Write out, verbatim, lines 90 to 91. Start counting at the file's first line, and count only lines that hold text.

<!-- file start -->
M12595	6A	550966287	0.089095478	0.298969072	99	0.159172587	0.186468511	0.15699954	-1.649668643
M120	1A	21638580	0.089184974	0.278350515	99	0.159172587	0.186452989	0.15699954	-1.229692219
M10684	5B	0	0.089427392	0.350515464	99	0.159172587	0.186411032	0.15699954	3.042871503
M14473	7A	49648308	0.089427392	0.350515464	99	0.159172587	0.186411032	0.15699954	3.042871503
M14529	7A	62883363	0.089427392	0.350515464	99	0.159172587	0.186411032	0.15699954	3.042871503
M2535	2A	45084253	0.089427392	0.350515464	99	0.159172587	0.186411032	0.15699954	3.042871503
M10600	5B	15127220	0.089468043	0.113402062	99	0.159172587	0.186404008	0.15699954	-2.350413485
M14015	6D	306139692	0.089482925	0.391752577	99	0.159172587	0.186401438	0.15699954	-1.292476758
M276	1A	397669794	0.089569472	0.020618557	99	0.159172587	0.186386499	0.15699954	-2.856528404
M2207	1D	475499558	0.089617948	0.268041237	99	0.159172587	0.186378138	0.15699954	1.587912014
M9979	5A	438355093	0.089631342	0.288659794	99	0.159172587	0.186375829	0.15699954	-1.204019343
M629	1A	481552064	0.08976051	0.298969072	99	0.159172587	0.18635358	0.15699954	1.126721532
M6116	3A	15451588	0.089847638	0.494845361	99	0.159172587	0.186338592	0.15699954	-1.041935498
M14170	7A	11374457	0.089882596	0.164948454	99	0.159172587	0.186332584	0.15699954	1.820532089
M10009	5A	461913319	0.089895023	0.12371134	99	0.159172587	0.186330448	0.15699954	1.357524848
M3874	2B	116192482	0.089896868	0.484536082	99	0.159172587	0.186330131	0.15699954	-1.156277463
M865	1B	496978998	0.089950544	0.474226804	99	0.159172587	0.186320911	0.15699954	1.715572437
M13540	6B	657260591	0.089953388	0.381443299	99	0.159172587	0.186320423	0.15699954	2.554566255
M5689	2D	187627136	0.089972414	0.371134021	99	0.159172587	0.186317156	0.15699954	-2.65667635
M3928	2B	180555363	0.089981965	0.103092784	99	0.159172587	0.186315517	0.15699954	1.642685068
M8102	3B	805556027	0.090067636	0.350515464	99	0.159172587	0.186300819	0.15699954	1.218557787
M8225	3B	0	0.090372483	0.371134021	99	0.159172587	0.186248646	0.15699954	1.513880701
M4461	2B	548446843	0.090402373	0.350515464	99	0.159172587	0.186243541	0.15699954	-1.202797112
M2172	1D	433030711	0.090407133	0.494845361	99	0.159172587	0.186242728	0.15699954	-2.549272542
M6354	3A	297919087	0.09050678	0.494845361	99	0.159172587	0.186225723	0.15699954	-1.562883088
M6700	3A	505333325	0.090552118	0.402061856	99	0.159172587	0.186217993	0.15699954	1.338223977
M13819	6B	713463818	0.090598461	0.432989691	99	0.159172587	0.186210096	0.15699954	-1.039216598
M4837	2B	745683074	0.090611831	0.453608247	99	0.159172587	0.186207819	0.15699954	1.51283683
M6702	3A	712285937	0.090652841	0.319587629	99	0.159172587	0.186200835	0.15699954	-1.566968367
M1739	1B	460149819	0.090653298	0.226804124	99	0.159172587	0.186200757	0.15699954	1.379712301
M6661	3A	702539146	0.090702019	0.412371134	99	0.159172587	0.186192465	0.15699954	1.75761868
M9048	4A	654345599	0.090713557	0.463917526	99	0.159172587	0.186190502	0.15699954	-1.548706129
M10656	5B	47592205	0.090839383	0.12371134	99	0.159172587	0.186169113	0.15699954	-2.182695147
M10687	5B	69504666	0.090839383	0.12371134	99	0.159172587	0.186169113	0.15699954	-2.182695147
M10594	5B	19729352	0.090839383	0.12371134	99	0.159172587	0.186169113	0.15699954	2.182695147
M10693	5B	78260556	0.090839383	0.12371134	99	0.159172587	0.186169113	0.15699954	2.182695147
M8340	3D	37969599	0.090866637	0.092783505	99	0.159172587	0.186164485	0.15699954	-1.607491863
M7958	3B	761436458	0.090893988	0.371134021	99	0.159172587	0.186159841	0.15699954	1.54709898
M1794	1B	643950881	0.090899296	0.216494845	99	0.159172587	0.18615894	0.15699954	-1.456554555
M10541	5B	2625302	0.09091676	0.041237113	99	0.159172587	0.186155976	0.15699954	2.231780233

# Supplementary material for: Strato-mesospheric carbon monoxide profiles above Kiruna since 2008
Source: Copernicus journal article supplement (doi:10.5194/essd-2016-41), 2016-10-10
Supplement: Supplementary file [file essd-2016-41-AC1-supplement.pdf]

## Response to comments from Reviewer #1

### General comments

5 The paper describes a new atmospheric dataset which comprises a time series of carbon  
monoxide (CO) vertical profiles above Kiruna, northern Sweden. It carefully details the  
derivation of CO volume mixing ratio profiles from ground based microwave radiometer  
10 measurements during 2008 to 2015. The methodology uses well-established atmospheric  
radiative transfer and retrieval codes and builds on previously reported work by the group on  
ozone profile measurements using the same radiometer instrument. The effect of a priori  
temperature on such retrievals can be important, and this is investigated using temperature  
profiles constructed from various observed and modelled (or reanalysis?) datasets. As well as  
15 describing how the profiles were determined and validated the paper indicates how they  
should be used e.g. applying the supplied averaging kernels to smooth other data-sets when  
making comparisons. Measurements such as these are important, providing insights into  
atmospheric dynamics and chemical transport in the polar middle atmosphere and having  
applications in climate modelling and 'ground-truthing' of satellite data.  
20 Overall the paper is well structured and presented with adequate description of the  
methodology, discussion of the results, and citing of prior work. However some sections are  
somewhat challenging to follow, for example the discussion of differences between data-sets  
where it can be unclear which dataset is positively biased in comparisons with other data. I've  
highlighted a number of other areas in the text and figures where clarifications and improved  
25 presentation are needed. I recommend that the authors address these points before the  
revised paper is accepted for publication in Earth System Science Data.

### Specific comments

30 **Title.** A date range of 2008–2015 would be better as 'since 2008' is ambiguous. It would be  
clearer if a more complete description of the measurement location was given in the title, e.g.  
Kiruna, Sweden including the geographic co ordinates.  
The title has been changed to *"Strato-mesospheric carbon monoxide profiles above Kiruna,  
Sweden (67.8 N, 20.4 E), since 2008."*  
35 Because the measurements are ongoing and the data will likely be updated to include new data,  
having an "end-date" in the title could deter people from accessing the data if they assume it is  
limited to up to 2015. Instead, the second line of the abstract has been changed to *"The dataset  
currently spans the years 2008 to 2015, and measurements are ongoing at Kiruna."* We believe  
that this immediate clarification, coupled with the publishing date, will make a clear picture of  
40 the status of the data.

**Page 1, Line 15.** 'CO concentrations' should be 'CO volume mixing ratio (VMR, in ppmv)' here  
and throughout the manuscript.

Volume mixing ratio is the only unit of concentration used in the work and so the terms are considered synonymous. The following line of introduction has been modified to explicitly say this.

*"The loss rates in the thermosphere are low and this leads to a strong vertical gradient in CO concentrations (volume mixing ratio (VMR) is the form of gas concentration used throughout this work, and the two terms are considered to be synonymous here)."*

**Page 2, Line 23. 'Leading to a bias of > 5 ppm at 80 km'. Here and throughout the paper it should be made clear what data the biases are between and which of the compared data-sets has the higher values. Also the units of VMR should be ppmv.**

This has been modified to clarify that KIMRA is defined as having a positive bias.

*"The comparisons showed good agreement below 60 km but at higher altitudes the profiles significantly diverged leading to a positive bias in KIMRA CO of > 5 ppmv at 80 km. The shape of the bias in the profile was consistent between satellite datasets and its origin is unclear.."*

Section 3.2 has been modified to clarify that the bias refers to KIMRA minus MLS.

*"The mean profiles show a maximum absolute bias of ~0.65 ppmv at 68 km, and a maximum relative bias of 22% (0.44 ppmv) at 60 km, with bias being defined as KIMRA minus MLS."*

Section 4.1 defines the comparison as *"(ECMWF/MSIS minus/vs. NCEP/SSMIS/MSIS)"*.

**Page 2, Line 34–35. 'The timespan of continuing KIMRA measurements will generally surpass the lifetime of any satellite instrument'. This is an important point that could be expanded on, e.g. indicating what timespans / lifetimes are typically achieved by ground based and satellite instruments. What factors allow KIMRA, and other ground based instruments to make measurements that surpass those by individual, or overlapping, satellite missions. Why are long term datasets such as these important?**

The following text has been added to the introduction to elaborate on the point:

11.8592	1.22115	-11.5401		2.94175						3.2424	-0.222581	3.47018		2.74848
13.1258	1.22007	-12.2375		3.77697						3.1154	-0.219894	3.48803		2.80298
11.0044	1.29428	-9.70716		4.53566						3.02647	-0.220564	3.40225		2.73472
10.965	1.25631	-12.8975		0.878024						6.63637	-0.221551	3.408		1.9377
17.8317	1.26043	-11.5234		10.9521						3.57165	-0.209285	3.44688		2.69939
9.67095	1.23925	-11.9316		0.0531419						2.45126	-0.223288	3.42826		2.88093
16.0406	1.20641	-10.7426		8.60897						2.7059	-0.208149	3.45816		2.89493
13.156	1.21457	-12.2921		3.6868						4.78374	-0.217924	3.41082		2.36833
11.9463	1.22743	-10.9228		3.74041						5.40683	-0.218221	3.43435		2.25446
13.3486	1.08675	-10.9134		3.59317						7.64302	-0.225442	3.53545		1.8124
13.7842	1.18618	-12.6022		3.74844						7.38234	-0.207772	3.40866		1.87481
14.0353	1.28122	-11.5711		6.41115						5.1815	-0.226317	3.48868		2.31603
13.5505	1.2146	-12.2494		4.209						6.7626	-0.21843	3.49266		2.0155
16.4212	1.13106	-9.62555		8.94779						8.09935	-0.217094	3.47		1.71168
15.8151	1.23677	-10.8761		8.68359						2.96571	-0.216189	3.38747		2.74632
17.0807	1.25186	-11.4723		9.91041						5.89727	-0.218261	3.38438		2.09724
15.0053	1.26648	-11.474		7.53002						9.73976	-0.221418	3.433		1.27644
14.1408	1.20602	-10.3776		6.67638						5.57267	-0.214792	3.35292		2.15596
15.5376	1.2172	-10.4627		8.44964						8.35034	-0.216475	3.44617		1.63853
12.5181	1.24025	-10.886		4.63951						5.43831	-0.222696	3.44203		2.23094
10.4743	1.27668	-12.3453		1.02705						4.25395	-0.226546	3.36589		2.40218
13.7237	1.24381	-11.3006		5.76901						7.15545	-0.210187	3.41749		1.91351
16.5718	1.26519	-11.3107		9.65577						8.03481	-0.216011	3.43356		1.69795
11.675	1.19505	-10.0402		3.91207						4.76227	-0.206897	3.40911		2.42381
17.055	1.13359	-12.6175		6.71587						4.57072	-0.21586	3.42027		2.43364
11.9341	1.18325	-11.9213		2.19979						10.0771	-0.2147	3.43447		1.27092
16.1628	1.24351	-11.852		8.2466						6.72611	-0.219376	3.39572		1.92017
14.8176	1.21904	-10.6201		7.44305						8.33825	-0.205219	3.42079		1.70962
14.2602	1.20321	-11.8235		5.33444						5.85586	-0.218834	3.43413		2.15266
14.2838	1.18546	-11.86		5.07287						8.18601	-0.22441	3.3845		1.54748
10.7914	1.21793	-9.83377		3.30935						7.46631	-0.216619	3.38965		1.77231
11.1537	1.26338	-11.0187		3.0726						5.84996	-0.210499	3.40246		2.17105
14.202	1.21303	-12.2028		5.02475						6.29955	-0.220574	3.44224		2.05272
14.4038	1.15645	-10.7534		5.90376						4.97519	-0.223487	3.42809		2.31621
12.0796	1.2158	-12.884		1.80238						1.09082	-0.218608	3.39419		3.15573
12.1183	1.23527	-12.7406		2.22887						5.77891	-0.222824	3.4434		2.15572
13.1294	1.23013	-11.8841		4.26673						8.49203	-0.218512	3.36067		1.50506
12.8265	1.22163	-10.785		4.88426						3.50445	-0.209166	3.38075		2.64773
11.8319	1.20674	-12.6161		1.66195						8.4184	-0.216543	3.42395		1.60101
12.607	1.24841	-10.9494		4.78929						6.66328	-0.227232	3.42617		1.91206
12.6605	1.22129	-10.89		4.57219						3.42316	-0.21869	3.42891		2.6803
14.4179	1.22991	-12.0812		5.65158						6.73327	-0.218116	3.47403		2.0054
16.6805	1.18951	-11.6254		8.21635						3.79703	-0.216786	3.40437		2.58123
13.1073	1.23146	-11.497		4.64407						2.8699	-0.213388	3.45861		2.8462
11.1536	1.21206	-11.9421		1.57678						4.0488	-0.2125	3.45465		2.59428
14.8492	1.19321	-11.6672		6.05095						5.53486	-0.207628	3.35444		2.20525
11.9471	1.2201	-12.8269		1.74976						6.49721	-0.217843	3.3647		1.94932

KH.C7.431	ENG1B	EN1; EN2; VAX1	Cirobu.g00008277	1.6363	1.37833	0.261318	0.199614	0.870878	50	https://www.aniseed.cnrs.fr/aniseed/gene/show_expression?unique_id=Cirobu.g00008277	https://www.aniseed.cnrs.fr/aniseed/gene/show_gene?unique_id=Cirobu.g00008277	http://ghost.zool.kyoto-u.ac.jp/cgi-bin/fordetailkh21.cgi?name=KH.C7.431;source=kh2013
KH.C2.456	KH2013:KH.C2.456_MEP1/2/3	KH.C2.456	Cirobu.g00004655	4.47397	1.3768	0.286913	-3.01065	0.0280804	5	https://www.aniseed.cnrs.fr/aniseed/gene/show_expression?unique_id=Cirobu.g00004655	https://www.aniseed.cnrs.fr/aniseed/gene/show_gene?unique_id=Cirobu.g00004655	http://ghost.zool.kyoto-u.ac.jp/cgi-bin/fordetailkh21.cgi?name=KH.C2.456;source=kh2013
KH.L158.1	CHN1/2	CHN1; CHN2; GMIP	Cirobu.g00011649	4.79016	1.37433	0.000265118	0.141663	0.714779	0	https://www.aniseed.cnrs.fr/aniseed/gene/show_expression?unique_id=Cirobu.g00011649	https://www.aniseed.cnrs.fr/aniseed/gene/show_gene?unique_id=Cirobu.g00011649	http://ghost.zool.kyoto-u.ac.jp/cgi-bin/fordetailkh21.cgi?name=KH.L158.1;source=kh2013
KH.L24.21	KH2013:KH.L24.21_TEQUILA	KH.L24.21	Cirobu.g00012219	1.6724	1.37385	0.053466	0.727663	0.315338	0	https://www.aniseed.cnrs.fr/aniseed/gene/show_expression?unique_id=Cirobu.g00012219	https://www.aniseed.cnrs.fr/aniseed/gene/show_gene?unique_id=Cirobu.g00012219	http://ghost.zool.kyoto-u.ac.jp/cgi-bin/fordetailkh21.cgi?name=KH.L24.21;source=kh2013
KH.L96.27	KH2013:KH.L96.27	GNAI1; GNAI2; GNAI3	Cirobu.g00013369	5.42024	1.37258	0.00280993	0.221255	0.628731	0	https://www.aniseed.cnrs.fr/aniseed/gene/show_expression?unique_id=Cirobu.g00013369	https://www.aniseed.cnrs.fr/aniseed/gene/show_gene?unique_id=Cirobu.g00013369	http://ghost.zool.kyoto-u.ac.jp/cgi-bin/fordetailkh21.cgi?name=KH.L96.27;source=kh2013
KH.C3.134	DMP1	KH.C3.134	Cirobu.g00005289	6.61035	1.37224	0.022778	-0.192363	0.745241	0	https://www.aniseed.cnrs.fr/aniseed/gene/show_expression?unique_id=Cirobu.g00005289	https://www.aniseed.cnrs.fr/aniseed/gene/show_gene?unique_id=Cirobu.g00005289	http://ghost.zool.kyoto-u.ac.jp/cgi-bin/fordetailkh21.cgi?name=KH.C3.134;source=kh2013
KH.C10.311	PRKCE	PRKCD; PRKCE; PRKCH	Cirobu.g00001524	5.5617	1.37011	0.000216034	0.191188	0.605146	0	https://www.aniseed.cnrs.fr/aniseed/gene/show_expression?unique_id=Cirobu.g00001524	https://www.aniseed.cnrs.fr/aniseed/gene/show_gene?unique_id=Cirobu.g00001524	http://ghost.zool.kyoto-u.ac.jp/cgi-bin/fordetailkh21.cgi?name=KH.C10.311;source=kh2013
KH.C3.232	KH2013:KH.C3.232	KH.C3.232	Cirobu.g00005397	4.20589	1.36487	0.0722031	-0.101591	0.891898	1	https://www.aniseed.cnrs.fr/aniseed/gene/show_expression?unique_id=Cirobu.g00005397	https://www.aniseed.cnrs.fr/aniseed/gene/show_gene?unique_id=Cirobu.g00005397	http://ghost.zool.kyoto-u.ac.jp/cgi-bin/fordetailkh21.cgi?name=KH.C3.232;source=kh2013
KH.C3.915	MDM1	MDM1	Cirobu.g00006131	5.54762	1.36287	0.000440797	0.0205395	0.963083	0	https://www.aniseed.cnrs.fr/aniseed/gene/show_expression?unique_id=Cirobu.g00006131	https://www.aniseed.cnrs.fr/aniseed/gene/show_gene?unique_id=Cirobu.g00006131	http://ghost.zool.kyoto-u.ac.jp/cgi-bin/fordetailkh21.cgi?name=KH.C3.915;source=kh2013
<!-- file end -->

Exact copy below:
11.8592	1.22115	-11.5401		2.94175						3.2424	-0.222581	3.47018		2.74848
13.1258	1.22007	-12.2375		3.77697						3.1154	-0.219894	3.48803		2.80298